How To Get Started

Jan. 20 2019

Where Do I Start?

It was probably about 2 years ago when I became serious about (becoming good at) game development. Prior to this I'd conceptualize or read some inspiring article, but it never went past the idea. The purpose of this article (and future articles on the topic) is to share my experiences as complete beginner, self-taught game developer.

With that said, I do have 10+ years of programming experience (mainly PHP/JavaScript) and I have taken at least 2 courses on the topic. However, I don't consider homework assignments to be adequate when compared to real world experiences. Sitting down and saying, "I'm going to build a great game" is hard, even for the more experienced. For those of us that inspire to enter the field, this is especially difficult since we have no idea where to start.

Coming from a limited background, I wanted to share a couple tips from my experiences starting out on my own.

Clear Your Mind

The first thing to do is throw out all your great game ideas. Stop thinking about the last great game you played and stop saying, "I want to make a game just like that." You'll need to think smaller. Think Pong.

What I found helpful was to go through (this list). Try building each game, one-by-one from scratch (with the help of a game framework, of course). At first you'll have no idea what you're doing, but eventually you'll build confidence in your abilities and soon start to do it like it's second nature.

Picking A Language

I'd say this comes down to a few factors:

  1. Choose what's comfortable - considering most programming languages follow similar semantics, but differ in syntax, pick a language you are comfortable with. Focusing on one won't hinder you from easily learning another later (of course going from python to c++ is more difficult that the opposite).
  2. Based on a framework? - I started with Lua/Love2D, then experimented with C++/OpenGL, and now trying C#/MonoGame.Extended. Bottom line is you may choose the framework, or the framework may choose you.
  3. Using a game engines? - some game engines (i.e. Unity, Godot) allow you to code in several different languages, while others don't.

Framework vs From Scratch

If you're just getting started, you'll definitely want to choose a framework.

Yes, Please!

Your anxiety will subside and you'll become more confident. You may even find yourself exploring the library files to see what's happening behind the scenes. Then you'll venture into creating your own framework.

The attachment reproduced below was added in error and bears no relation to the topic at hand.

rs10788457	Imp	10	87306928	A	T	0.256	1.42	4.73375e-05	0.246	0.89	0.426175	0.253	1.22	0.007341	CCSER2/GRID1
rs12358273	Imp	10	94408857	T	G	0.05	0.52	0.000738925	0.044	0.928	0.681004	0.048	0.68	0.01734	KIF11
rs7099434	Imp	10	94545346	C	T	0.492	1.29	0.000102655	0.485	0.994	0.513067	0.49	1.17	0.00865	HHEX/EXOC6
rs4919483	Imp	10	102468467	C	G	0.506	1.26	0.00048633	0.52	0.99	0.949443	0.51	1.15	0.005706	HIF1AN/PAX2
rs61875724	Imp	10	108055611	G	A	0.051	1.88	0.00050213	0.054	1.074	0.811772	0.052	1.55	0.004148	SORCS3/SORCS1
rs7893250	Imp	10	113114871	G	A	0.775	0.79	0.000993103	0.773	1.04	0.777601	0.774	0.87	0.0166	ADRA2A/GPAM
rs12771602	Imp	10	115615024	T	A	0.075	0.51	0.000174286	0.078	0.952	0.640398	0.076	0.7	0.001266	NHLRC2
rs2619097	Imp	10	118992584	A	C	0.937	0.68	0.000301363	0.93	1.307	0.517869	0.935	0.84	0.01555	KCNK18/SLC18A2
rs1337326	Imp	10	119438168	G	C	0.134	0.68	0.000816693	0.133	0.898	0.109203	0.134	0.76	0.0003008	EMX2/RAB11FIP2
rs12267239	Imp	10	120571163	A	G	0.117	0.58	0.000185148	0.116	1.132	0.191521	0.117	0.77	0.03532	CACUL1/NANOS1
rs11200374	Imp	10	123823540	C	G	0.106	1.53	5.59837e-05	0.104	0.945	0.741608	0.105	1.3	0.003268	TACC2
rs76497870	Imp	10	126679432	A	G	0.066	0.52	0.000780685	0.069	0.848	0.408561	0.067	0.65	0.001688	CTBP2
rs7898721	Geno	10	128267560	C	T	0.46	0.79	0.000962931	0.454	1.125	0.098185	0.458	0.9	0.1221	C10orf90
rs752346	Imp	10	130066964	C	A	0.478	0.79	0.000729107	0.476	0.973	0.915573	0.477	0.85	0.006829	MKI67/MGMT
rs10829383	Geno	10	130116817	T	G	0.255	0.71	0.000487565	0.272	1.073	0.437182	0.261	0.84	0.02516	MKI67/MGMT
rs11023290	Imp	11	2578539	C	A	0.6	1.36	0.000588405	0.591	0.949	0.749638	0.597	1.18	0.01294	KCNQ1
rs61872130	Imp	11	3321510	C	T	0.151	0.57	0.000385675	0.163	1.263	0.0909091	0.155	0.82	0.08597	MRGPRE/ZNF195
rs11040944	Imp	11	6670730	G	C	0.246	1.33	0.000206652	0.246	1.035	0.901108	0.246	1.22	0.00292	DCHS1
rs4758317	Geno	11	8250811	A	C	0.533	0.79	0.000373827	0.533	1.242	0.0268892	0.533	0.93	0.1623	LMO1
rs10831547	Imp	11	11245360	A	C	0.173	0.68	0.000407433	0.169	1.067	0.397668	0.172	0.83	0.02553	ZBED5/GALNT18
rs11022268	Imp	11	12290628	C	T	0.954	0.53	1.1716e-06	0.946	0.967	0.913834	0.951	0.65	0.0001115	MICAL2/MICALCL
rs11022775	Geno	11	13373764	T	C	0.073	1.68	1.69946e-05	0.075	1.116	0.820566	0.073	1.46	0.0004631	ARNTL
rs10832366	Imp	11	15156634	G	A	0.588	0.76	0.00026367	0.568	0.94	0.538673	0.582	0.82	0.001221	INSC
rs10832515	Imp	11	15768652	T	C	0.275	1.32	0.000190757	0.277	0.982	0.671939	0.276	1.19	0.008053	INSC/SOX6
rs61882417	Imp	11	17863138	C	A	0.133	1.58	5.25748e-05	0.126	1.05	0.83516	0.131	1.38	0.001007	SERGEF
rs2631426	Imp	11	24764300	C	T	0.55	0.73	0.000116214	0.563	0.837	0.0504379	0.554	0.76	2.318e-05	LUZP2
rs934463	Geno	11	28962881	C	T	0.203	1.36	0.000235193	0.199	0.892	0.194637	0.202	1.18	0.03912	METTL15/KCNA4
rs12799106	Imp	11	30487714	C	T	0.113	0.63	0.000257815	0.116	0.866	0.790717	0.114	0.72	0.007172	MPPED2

Below is a list of frameworks with their corresponding language:

No, thank you.

Choosing to build a framework from scratch is a multi-faceted journey into many topics causing you to wish you would have paid attention in school. Regardless, it'll definitely push you to your limits and you will learn lots from it. Some topics include:

  • Physics

    • Forces - Acceleration and environmental factors. Do you want gravity in your world? How will your entities interact with surfaces? In the air?
    • Collision Detection/Response - You could use brute force tactics or more efficient broad vs narrow approaches for detection. Learning how to detect collision can be grueling on the CPU, especially when you have thousands of calculations running every fraction of a second.
  • Input/Events - Do you want to handle just keyboard events? How about mouse or gamepad?

  • Particles - Not necessary but allows you to add cool effects (e.g. flames, explosions)

  • Math

    • Vectors - Using a Euclidian Vector as opposed to individual x, y (and z) variables opens you up to the wonderful properties of vector math. For example, how do you find the direction from an origin to a target?

    Simple: target - direction = direction vector

    • Matrix - When it comes to 3D, you'll want to understand what matrices are used for and how multiplication works.


This is just an introduction to my beginning journey into game development. The intent was to help ease the anxiety and to get you started in your adventure. I hope to continue on this topic and create many more articles in the future.

Further Reading